Bicyclists take back the streets

Imagine you are driving along a busy street filled with homebound motorists. It is only six o’clock and you are headed home. But as you and the rest of the car-bound pack are stopped at a red light, suddenly one, then two, then what seems to be hundreds of bicyclists turn the corner and fill up the road ahead. As you watch the road, a neverending stream of riders on bikes swells.

After a few minutes, you can no longer see the street, nor stoplights, nor cars ahead, only bikes. As the bikes continue to pass, one of the bikers who is stopped in the middle of the road, ensuring that all the cars stay put, until the mass of bicyclists have passed, hands you a flyer. “This is Critical Mass,” the flyer shouts, “grab your bike and join.”

I, myself, have had the honor of being part of that mass of bikers cruising by; I’ve also had the annoyance of being a car-bound onlooker, stuck behind the mass, for what seems like an eternity. In Chicago, the Mass, the very critical mass, hits the streets on the last Friday of every month. But in metropolises all around the world – Cleveland, Johannesburg, Taipei, Budapest and Bogotá – the Mass comes out on a more or less frequent basis.

First thing you notice about the Mass, whether as an observer or a participant, is that the Mass is no race. The ride typically lasts for two to four hours, so going fast is just not on option.

If you are a motorist who has been trapped behind the Mass, be careful where you turn. The Mass does not follow any route; it turns and rides wherever the flow suits it. Sometimes it hits freeways and highways, too, so if you’re in a city, you’re not safe.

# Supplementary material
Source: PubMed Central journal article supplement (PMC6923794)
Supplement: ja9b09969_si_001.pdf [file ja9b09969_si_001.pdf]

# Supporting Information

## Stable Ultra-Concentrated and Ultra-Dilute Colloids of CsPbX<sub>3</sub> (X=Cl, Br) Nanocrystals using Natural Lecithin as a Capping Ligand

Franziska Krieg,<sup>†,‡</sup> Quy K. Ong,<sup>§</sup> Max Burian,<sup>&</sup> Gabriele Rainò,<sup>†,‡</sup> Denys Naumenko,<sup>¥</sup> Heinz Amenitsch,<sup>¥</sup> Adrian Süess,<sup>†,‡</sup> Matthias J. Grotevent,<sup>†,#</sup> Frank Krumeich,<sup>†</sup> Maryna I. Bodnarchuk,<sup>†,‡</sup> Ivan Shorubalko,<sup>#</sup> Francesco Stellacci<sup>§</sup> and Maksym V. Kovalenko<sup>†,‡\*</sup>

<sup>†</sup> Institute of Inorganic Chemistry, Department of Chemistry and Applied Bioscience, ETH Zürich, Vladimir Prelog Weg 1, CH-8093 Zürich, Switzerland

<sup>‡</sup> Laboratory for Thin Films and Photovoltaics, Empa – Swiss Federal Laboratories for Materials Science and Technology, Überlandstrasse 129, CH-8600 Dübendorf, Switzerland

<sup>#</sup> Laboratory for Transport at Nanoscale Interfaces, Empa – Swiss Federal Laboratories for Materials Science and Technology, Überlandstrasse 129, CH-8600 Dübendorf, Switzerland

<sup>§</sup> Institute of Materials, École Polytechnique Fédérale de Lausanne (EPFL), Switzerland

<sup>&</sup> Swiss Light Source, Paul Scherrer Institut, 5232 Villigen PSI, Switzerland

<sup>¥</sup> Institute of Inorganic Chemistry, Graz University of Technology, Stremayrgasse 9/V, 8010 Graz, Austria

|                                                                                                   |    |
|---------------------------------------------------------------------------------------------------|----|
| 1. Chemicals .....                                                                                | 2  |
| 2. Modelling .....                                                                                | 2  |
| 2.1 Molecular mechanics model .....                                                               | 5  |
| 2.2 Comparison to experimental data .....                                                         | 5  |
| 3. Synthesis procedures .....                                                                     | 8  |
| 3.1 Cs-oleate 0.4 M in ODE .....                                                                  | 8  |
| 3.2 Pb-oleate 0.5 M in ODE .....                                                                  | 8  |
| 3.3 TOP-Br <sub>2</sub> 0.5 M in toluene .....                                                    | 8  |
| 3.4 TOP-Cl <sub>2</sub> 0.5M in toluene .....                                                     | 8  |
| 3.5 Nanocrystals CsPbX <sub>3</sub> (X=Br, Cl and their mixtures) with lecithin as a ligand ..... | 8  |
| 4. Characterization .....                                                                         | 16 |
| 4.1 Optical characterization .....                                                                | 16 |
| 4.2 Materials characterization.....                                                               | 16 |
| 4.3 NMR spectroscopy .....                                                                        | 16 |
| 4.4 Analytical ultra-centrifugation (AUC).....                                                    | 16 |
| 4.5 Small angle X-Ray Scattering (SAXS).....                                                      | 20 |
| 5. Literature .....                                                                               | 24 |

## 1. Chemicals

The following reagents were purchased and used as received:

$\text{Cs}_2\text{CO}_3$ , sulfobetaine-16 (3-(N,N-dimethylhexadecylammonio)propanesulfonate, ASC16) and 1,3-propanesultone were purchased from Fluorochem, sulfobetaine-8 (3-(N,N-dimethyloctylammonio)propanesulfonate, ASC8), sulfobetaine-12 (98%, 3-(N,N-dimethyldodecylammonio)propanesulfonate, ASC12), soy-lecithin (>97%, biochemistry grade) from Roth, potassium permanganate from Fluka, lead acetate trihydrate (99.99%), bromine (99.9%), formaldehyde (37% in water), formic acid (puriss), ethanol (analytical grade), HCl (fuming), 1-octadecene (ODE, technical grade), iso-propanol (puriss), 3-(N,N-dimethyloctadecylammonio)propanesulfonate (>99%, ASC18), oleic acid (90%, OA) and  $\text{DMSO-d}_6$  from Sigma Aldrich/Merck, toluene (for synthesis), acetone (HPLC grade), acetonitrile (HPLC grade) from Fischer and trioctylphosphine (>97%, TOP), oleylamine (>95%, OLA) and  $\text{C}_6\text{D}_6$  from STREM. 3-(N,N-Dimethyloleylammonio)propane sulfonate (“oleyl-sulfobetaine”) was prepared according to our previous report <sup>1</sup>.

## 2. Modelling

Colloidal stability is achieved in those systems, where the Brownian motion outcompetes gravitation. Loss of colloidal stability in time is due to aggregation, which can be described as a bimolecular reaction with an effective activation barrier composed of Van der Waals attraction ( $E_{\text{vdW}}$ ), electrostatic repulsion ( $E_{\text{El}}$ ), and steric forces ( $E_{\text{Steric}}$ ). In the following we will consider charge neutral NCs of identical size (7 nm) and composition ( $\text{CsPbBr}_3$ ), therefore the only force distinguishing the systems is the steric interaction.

Generally a few bike cops ride along to ensure that neither bicyclist nor motorists cause any trouble, but for the Mass causing trouble is not the point. What is the point? Why do hundreds of bike riders take to the streets en masse? What are they trying to do, is it some sort of protest?

If you search for information about Critical Mass on the web you’ll find that “Critical Mass is not an organization, it’s an unorganized coincidence. It’s a movement ... of bicycles, in the streets,” but that is hardly enough to answer your or my questions.

If you ask the riders, they generally don’t have a set goal. “Why do I ride?” a friend of mine named Robert responsed when I ask him, “I ride for fun, for health, and because it sucks to be in a car.” Critical Mass, as a phenomenon, is largely a response to the traffic, pollution and danger caused by our car-centric society.

But to the millions of commuters – I mean bike-commuters, whose bikes are their main transportation – Critical Mass is also a chance to take back the streets. Cars, after all, kill people; bikes, on the other hand, are rarely a danger to others. And thousands of people in every city across the country choose to brave the streets without the protection of a ton of metal, with only a plastic helmet to protect them.

The riders include those only out for fun and those whose bike is the mainstay of their transportation, including those on specialty or fun bikes, those on hard-core fast racing bikes and those on rugged mountain bikes. The masses in the Mass vary in age, but many are young, in their twenties or thirties.

Although I’ve been both a motorist and a bicyclist, I’ve got to admit that biking is definitely the best way to go. It’s healthier, safer, faster and cheaper, but most of all, it’s more fun. So to all who are reading now, I say drop the paper, grab a bike and ride on!

The author can be reached at bkishner@pww.org